U.S., Albania Renew Diplomatic Ties
The United States renewed diplomatic relations with Albania on Friday after a break of 52 years and urged the last Communist state of Eastern Europe to move ahead with democratic reform.
At a State Department ceremony in Washington, Assistant Secretary of State for European Affairs Raymond Seitz and Albanian Foreign Minister Muhamet Kapllani signed a memo of understanding restoring relations severed in June, 1939.
Seitz said Washington’s willingness to help Albania build up its economy would be linked to a commitment to reform and respect for human rights. An early test would be Albania’s first multi-party elections in 40 years, scheduled for March 31, to which the United States is sending an observer team.
Some key facts about Albania:
* POPULATION: 3.18 million, two-thirds under the age of 35. There are about 60,000 Greeks and 4,000 Macedonians.
* RELIGION: Most people are Muslim, but religion was banned by the government in 1967 and mosques and churches were closed.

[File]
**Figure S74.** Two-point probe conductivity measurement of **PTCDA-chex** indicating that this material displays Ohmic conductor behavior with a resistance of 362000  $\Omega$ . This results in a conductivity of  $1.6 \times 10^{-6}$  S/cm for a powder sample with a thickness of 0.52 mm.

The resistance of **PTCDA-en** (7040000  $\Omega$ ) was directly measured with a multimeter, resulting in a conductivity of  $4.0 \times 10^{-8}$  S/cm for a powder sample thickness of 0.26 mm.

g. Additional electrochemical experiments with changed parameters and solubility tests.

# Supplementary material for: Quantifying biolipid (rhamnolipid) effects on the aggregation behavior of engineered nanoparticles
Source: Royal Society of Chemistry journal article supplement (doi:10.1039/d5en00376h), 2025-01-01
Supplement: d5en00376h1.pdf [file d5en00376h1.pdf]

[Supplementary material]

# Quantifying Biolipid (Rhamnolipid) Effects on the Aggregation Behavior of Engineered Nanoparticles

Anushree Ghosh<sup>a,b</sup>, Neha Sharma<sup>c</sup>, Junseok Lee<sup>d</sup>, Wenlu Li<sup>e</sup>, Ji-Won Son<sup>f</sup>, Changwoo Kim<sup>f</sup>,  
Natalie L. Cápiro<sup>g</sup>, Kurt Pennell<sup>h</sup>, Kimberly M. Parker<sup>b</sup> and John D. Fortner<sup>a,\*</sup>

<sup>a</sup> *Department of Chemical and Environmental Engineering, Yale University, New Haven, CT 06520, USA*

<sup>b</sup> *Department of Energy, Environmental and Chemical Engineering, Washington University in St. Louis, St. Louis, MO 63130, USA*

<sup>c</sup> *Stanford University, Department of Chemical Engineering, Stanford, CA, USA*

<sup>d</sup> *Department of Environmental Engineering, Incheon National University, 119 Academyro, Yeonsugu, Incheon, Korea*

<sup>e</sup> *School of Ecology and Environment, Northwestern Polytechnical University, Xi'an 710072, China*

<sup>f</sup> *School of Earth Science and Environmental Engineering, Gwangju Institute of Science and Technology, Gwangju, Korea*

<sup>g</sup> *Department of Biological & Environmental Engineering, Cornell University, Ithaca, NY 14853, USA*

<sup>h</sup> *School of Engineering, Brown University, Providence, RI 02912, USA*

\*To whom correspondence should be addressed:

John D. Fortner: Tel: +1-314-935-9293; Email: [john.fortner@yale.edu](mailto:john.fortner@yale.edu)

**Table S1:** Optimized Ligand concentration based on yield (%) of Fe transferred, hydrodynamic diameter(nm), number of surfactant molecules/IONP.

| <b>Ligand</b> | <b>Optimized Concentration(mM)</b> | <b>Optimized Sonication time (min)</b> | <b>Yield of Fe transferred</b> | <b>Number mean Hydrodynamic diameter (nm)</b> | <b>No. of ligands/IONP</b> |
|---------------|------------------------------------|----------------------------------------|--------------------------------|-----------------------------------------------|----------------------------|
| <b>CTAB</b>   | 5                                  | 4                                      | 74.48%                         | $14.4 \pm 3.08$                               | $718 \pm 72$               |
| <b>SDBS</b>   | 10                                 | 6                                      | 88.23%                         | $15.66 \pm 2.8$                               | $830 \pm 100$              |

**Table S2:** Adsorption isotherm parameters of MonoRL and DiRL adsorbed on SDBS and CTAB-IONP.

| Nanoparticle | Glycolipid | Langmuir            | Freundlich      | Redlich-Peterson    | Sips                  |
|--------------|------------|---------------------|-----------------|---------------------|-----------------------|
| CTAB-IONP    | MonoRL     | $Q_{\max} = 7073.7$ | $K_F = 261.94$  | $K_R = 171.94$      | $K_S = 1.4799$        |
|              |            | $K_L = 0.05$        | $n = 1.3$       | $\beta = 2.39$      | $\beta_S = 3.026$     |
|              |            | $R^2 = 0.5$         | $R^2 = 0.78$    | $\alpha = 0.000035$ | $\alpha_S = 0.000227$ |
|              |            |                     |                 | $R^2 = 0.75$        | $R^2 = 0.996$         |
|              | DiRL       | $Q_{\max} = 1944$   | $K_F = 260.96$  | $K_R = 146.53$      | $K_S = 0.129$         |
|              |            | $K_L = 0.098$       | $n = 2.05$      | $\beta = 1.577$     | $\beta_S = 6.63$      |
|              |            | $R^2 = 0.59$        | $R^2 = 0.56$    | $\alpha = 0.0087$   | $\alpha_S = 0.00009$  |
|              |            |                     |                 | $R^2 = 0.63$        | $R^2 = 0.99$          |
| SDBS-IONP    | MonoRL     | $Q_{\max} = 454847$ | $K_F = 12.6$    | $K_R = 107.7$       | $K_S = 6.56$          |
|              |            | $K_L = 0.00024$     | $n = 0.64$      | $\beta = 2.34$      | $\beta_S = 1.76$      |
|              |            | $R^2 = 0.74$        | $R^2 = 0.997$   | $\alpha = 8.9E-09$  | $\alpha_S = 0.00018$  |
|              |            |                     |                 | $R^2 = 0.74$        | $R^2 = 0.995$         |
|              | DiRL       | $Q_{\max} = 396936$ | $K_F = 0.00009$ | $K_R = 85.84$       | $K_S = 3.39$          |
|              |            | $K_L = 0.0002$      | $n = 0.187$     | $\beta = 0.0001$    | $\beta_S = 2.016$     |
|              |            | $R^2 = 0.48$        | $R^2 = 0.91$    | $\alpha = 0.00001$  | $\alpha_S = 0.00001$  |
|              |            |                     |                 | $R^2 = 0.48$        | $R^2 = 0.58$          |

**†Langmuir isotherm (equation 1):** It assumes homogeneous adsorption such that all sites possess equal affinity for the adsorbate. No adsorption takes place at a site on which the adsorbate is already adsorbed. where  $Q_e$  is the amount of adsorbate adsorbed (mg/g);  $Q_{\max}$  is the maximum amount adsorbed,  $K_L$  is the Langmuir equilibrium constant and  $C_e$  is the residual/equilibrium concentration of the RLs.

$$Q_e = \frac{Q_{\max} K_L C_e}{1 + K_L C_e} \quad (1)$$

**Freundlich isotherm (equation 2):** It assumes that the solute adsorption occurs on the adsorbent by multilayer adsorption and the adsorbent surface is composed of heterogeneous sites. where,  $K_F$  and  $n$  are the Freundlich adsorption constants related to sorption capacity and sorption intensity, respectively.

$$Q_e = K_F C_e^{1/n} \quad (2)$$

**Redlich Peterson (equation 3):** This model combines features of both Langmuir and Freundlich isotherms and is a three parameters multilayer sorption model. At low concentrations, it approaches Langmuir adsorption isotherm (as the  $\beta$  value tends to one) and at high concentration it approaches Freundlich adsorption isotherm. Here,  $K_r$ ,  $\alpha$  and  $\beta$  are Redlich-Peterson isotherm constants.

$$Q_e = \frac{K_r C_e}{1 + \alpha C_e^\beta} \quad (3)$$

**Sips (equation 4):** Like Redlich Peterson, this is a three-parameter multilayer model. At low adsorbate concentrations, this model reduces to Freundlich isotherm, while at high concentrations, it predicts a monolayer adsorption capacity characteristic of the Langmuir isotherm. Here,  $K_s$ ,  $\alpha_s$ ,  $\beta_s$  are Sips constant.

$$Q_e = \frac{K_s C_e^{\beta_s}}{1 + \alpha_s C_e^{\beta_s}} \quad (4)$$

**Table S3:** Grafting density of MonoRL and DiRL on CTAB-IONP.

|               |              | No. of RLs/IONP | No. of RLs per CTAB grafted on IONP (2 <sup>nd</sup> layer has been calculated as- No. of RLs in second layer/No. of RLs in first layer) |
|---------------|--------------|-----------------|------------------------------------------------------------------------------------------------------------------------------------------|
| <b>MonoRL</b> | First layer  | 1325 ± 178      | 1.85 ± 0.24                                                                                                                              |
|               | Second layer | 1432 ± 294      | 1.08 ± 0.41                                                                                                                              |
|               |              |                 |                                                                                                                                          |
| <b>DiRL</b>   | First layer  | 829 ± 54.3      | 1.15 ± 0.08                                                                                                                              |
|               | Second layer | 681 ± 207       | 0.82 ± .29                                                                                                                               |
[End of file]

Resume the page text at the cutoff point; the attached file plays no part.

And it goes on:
* AREA: 11,101 square miles, bounded by the Adriatic Sea to the west, Yugoslavia to the north and east, and Greece to the south.
* CAPITAL: Tirana.
* DEFENSE: Army of 31,500, with 190 T-34 and T-54 tanks; navy of 2,000 with two Soviet “Whiskey” class submarines, two large patrol craft; air force of 7,200 with 95 combat aircraft.
* ECONOMY: Europe’s poorest. Albanian economists unofficially estimate national income at $3 billion, which they say was an increase of almost 10% over 1988. Average monthly wage is about $65. Companies are state-owned, and Albania is self-sufficient in agriculture, which is organized in collectives.
* INDUSTRIES: Processing of agricultural raw materials, textiles and oil products.
* EXPORTS: Ferrochromium, copper wire, tobacco and cigarettes, timber, textiles.
* HISTORY: Albania gained independence in 1912 after 450 years of Turkish rule. It was occupied by Italy and Germany during World War II but liberated by Albanian partisans.
Enver Hoxha ruled the country, crushing all potential opposition. He died in 1985 and was succeeded by Ramiz Alia, who remains president of the Presidium of the National Assembly.
Early last year, Alia began opening the country to the outside world and introducing cautious human rights and economic reforms. In July, the government allowed 4,000 young Albanians to leave after they stormed foreign missions in an unprecedented show of discontent.